Norman Friedman’s book Naval Weapons of World War One: Guns, Torpedoes, Mines, and ASW Weapons of All Nations – An Illustrated History, is not about gun barrels, torpedoes, and mines so much as how they were understood and employed.
Friedman, a Faircount Media Group/Defense Media Network senior writer, said that he became increasingly interested in the way in which naval weapons were understood before World War I and then used during that war. “Nearly all accounts of weapons treat them as hardware without much reference to tactics or even to the rationale for development. Without that information, it is difficult to understand who was doing what, or why.”
Edward H. Lundquist: In your book, you write that much of the book – and a lot of the research – was devoted to tactical thinking leading up to the war, and to how different weapons were viewed by different navies. Were there any big surprises?
Norman Friedman: I think the biggest surprise for me was in the way different navies planned to use torpedoes, which had a terrific (and undeserved) press before the war – everyone thought one torpedo could sink a modern capital ship, whereas it would take many shell hits to smash her into uselessness (and then probably not to sink her). No one realized how unreliable existing torpedoes were, or how hard it was to hit from any appreciable distance. I had learned about British ideas of using mass torpedo attacks when writing about British destroyers.
Reading German tactical publications made it clear that, despite the British belief that they also liked the idea of mass attacks, the Germans didn’t – torpedoes were valuable and should not be wasted. For their part, the British thought about and planned mass attacks on the enemy’s battle line – and then failed to understand just how many torpedoes they needed. So they never had enough torpedo tubes in their destroyers. To my surprise, we also (perhaps but not necessarily independently) liked massed attacks, but at least we understood what was needed. I knew, but had forgotten, that we imagined that our destroyers could fire all of their torpedoes, from tubes on both sides, using the torpedoes’ gyros. That gave the needed numbers. Another surprise was how little anyone practiced complicated tactics prewar, assuming that everything would work perfectly ‘on the day.’ Again, I had seen hints before, but everything this time confirmed them.
I also found German tactical documents remarkably primitive. What happened at Jutland, I now realize, was that the German commander, von Scheer, discovered to his surprise that he had no idea whatever of what was happening – he maintained no plot, and the situation was far too complicated for anything less. In that sense he was profoundly defeated, and the only important conclusion he drew was that he never wanted to fight the whole British fleet again. That he even encountered the British fleet was due to the failure of his scouting plan, a failure I did not completely understand until I read the German war tactical handbook.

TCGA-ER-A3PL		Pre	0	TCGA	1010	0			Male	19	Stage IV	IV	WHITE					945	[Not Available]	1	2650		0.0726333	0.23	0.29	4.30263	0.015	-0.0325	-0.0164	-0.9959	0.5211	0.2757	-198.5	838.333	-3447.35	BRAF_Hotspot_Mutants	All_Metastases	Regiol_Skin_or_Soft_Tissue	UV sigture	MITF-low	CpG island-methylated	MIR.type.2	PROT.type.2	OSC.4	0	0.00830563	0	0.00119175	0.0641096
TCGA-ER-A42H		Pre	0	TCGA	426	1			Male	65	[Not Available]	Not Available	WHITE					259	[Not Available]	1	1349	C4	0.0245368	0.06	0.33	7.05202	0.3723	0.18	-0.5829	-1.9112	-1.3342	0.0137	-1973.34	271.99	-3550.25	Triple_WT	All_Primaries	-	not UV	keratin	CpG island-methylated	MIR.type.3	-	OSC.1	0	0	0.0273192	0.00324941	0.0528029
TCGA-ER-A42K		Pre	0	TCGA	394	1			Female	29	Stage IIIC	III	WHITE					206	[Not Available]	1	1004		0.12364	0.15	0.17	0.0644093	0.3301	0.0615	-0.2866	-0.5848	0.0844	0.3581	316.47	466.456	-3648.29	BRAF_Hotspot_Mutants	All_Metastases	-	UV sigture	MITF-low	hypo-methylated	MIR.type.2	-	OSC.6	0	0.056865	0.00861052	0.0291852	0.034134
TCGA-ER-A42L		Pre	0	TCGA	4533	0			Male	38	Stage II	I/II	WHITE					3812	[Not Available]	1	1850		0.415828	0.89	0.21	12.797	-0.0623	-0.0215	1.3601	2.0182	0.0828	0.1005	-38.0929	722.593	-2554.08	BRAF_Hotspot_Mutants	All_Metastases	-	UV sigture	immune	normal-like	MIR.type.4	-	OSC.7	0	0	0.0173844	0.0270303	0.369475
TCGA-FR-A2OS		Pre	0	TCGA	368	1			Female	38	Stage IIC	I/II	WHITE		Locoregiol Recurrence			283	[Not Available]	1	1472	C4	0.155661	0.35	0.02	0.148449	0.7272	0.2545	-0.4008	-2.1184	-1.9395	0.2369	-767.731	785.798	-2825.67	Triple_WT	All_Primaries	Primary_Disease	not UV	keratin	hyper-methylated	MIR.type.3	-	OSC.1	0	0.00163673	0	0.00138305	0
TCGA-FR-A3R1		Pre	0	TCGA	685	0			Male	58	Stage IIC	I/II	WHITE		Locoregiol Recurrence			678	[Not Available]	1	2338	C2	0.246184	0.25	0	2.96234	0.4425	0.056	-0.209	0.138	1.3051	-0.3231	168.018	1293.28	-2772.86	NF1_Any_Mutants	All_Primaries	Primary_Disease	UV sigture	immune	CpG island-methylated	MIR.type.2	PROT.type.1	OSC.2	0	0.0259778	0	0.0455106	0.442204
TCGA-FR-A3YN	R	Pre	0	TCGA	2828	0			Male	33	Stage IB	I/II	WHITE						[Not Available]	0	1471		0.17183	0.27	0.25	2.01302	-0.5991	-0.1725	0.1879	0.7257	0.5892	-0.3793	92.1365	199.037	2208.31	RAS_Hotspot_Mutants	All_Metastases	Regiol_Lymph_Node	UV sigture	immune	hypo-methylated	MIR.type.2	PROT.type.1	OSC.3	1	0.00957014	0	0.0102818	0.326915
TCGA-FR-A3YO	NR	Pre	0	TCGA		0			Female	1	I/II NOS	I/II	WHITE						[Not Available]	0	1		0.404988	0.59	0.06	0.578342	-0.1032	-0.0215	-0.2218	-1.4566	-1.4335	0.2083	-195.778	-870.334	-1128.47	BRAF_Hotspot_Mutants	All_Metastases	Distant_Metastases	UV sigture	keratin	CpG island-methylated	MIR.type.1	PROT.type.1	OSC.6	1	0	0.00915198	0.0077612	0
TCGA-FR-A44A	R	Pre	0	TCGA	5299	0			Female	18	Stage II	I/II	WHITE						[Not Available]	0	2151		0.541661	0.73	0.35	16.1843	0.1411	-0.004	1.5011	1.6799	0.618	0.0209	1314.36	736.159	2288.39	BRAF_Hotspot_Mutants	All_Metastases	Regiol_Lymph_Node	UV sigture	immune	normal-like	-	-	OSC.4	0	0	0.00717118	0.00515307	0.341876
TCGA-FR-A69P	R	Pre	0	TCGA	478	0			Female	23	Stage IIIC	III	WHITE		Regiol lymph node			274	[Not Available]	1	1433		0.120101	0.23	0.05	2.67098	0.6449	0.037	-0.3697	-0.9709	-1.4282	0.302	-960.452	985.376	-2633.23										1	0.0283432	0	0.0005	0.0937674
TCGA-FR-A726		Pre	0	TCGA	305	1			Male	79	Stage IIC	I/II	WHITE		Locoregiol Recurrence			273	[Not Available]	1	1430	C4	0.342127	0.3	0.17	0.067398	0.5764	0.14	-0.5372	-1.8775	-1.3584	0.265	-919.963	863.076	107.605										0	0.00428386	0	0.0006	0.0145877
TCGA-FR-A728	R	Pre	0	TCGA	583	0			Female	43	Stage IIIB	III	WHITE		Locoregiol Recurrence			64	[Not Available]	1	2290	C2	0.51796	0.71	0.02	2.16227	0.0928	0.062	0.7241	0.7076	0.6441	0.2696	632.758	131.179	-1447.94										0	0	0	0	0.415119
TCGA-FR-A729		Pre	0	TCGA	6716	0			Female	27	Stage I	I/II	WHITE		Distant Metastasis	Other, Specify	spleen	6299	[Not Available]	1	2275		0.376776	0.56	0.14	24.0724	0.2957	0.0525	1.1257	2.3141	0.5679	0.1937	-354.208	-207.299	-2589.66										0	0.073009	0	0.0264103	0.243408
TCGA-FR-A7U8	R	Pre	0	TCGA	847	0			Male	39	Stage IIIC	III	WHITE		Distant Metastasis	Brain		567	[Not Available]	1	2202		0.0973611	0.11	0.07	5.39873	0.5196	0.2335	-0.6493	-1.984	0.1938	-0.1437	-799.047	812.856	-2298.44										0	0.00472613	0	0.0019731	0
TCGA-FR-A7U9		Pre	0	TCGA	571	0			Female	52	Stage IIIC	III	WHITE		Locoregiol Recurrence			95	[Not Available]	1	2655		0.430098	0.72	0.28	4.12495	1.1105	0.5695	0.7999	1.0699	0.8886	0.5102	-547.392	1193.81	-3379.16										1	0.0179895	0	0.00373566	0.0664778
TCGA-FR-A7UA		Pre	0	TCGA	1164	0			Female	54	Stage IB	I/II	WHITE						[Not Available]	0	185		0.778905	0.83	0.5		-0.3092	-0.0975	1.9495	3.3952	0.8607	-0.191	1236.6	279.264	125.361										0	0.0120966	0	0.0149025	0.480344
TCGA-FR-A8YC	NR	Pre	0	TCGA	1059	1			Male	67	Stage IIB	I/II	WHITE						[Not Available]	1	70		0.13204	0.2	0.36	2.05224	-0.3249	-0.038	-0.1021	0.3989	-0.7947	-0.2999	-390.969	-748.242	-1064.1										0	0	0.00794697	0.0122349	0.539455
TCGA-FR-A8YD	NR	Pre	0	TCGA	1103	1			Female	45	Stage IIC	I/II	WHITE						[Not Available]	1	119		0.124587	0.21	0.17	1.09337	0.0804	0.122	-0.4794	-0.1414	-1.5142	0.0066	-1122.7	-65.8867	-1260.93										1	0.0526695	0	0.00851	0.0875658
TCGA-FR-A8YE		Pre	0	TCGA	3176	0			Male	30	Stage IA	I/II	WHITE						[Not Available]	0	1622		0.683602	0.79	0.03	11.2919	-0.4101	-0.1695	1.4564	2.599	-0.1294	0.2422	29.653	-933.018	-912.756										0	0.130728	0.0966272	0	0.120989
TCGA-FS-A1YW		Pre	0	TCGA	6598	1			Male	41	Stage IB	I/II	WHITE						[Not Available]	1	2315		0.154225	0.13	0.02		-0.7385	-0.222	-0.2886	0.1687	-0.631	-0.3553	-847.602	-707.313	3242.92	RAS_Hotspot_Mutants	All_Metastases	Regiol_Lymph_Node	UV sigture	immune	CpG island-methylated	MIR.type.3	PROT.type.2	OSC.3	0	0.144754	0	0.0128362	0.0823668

What are some examples of how tactics changed based on wartime experience?
I think the British learned the most. They spent the war seeking ways of overcoming the German turn-away at Jutland, and also of dealing with the German fleet even if it never went to sea again. You also find the British completely re-thinking their fire control techniques to deal with the German tactic of maneuvering to ruin fire control solutions.
We learned mostly technical things; the key fact about us was that when the U.S. Navy encountered the British as allies, we were shocked by how bad we were. It was like losing a war without the pain of defeat.
You write that World War I was a war of surprises. Can you give some examples of the “surprises,” and developments that led up to new weapons?
Obviously the biggest surprise was that submarines were so effective. Before the war the British certainly thought that submarines might endanger their fleet, and they tried to create ASW weapons, but the danger was far more widespread, and the prewar weapons were utter failures.
A second surprise, which ultimately made ASW successful, was that submarines were fairly fragile, so even a small surface ship could be an effective submarine-killer. That discovery made convoying possible. Convoying had been resisted because it had been assumed that it would take a significant warship, such as a destroyer, to be an escort, and diverting those ships in large numbers would have immobilized the British fleet and thus opened the British to the threat of German surface attacks – a threat not to be laughed off.
What about mines?
Mass mine warfare was another surprise. It greatly limited the freedom of action of fleets, particularly the British fleet, in the North Sea; mining also killed the campaign in the Dardanelles in 1915. I don’t think anyone imagined the sheer number of minesweepers which would be needed, or, for that matter, the ingenuity which would go into advanced mines. I had been only dimly aware that the British deployed magnetic mines in 1918 and nearly deployed acoustic ones.